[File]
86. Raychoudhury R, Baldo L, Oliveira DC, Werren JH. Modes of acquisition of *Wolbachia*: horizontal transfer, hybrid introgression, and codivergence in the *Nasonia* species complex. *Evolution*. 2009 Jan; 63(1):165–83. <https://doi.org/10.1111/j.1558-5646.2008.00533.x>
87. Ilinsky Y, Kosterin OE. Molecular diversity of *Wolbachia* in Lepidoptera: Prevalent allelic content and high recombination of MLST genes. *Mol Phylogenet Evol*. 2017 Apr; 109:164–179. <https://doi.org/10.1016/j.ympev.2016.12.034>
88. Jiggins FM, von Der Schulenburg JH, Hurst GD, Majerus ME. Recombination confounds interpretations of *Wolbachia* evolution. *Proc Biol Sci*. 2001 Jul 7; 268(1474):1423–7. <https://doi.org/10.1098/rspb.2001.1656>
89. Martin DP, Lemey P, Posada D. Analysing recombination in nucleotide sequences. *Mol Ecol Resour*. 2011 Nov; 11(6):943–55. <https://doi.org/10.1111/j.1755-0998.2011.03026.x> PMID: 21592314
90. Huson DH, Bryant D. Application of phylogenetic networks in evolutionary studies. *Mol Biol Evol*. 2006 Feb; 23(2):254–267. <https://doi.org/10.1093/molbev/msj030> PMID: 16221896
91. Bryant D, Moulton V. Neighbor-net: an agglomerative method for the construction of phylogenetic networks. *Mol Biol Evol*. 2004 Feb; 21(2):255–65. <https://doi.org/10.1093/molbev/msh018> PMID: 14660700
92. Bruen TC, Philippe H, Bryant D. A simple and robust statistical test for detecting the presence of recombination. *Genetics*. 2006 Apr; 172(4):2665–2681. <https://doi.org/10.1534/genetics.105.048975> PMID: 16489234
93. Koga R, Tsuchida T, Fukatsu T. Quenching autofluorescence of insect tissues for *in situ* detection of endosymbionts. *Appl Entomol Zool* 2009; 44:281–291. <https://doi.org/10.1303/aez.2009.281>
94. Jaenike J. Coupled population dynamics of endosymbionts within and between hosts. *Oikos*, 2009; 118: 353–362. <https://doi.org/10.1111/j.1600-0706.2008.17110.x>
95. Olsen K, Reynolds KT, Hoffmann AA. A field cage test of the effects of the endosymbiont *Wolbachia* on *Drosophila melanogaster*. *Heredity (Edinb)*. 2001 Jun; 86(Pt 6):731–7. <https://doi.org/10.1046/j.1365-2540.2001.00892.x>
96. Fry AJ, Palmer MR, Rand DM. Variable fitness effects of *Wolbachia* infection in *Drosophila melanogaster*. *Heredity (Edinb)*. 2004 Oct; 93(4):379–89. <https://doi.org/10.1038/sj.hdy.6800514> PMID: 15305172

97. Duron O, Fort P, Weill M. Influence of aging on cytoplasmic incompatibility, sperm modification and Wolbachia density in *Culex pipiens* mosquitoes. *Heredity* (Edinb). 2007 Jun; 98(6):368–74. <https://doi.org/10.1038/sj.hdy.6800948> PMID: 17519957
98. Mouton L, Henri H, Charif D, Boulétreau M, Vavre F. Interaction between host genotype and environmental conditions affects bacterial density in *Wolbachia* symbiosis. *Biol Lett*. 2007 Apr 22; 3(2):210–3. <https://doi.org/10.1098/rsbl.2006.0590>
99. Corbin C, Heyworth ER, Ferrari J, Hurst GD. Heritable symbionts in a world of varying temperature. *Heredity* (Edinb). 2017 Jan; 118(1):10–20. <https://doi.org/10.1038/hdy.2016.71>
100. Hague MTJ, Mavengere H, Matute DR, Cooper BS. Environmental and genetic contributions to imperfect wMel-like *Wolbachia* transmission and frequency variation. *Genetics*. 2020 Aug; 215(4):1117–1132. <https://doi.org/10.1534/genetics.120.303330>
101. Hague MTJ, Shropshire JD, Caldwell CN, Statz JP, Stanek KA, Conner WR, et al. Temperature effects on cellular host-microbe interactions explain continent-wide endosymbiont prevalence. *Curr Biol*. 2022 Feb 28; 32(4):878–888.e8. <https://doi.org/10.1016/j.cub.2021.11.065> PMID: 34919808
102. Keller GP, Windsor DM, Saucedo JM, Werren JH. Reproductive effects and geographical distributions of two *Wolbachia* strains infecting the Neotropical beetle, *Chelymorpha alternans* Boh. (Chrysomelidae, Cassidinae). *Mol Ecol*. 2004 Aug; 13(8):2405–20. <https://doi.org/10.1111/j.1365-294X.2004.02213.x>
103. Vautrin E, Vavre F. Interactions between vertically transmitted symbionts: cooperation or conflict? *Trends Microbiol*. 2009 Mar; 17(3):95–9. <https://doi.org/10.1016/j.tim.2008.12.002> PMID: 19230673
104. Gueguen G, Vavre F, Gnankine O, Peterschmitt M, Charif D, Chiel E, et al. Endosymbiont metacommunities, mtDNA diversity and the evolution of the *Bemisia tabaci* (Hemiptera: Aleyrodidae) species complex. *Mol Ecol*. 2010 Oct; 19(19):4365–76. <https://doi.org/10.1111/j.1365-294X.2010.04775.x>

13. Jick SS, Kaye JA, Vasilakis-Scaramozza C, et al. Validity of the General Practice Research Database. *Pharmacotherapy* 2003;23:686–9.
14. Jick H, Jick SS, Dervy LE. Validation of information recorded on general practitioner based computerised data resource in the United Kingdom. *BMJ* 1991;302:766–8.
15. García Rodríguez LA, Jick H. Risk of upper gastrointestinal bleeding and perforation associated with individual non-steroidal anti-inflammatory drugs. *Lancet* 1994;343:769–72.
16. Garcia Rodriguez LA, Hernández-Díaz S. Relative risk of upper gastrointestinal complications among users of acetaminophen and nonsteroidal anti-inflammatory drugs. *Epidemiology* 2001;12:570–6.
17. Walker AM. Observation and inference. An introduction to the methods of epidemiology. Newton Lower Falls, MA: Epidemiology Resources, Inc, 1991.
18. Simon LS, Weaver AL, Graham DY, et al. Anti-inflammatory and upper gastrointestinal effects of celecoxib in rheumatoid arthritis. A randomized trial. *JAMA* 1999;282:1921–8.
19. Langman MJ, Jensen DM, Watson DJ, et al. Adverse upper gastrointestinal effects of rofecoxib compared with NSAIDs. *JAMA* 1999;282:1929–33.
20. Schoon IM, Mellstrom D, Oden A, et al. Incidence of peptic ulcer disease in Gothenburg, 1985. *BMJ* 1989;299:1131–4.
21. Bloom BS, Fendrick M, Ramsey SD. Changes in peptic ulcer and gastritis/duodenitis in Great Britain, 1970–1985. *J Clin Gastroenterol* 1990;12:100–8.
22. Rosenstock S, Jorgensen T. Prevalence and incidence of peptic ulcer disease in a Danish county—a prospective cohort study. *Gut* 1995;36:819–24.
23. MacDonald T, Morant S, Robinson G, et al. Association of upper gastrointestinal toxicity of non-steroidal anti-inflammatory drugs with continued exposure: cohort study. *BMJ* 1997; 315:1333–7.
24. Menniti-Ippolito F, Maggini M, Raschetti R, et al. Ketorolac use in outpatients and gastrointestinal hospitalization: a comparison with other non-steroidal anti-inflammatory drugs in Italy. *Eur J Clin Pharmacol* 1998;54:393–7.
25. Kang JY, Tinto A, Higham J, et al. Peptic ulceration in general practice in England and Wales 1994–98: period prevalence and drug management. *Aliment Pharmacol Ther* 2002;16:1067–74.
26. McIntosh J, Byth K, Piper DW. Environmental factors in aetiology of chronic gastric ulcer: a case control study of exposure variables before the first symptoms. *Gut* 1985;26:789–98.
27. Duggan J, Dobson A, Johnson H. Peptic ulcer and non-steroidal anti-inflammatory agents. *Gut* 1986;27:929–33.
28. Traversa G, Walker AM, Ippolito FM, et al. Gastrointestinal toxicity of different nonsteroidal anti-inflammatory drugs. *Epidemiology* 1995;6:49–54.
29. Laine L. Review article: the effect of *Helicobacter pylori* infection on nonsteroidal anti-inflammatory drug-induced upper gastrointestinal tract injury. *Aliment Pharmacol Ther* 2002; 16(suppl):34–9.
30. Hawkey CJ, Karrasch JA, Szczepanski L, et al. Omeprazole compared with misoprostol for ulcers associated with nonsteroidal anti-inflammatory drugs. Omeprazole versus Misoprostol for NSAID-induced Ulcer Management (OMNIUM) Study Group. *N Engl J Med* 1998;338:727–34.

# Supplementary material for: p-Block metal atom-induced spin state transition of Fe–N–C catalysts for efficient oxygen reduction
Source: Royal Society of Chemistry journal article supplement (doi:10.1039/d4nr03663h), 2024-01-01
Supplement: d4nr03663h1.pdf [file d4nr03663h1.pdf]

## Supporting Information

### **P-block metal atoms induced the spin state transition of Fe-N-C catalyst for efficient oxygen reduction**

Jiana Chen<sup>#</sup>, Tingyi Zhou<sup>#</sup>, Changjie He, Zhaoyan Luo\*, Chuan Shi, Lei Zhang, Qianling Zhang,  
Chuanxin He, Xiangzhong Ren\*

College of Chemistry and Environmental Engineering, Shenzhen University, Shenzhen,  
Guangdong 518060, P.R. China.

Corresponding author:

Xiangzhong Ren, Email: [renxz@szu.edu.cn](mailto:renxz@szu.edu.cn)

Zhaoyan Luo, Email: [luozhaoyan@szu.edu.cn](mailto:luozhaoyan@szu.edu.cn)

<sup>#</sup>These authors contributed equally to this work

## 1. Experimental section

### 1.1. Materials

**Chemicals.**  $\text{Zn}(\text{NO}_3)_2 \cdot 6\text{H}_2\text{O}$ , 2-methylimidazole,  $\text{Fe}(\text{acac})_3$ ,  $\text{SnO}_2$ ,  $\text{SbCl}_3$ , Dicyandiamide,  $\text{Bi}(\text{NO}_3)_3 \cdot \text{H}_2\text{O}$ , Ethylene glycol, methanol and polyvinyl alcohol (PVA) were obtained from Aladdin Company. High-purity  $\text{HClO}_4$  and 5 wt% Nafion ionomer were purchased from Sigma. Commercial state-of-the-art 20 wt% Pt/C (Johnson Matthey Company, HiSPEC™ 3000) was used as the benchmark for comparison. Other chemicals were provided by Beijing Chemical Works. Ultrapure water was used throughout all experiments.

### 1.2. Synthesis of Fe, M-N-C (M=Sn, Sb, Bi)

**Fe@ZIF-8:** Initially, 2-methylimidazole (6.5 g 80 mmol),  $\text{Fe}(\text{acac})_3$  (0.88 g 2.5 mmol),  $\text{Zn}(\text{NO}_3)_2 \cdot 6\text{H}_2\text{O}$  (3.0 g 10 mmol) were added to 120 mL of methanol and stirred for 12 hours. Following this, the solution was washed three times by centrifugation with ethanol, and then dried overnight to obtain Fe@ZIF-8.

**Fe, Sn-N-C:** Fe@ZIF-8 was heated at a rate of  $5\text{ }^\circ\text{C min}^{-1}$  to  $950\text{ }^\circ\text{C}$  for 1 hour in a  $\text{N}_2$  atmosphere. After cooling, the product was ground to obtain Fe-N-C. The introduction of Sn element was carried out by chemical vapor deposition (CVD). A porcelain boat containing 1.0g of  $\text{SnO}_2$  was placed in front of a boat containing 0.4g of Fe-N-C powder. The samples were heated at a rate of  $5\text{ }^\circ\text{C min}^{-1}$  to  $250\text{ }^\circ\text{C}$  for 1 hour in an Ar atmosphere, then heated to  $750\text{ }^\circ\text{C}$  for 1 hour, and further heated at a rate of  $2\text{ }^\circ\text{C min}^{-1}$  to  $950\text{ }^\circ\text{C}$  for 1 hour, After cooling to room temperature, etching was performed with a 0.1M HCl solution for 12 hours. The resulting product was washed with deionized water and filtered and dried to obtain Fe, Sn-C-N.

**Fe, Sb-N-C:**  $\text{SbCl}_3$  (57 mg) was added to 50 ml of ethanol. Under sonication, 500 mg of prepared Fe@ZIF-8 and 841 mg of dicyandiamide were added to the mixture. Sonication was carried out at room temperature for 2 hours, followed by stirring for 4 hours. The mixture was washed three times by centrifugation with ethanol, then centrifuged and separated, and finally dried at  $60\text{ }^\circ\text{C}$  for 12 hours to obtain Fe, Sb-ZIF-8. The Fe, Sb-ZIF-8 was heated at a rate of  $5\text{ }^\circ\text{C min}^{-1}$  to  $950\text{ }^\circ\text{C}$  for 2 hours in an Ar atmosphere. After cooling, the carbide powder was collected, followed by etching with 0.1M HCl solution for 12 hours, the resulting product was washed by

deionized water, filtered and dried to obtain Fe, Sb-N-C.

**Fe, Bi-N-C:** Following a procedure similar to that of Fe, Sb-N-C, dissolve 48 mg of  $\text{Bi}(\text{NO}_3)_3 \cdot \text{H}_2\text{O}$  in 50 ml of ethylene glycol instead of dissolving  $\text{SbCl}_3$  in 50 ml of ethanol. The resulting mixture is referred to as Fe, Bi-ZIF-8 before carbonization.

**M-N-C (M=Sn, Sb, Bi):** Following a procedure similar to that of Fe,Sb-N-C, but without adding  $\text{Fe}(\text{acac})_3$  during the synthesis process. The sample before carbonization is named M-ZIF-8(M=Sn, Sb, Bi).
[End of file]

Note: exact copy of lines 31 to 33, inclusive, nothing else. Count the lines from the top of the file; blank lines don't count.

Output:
24. Menniti-Ippolito F, Maggini M, Raschetti R, et al. Ketorolac use in outpatients and gastrointestinal hospitalization: a comparison with other non-steroidal anti-inflammatory drugs in Italy. *Eur J Clin Pharmacol* 1998;54:393–7.
25. Kang JY, Tinto A, Higham J, et al. Peptic ulceration in general practice in England and Wales 1994–98: period prevalence and drug management. *Aliment Pharmacol Ther* 2002;16:1067–74.
26. McIntosh J, Byth K, Piper DW. Environmental factors in aetiology of chronic gastric ulcer: a case control study of exposure variables before the first symptoms. *Gut* 1985;26:789–98.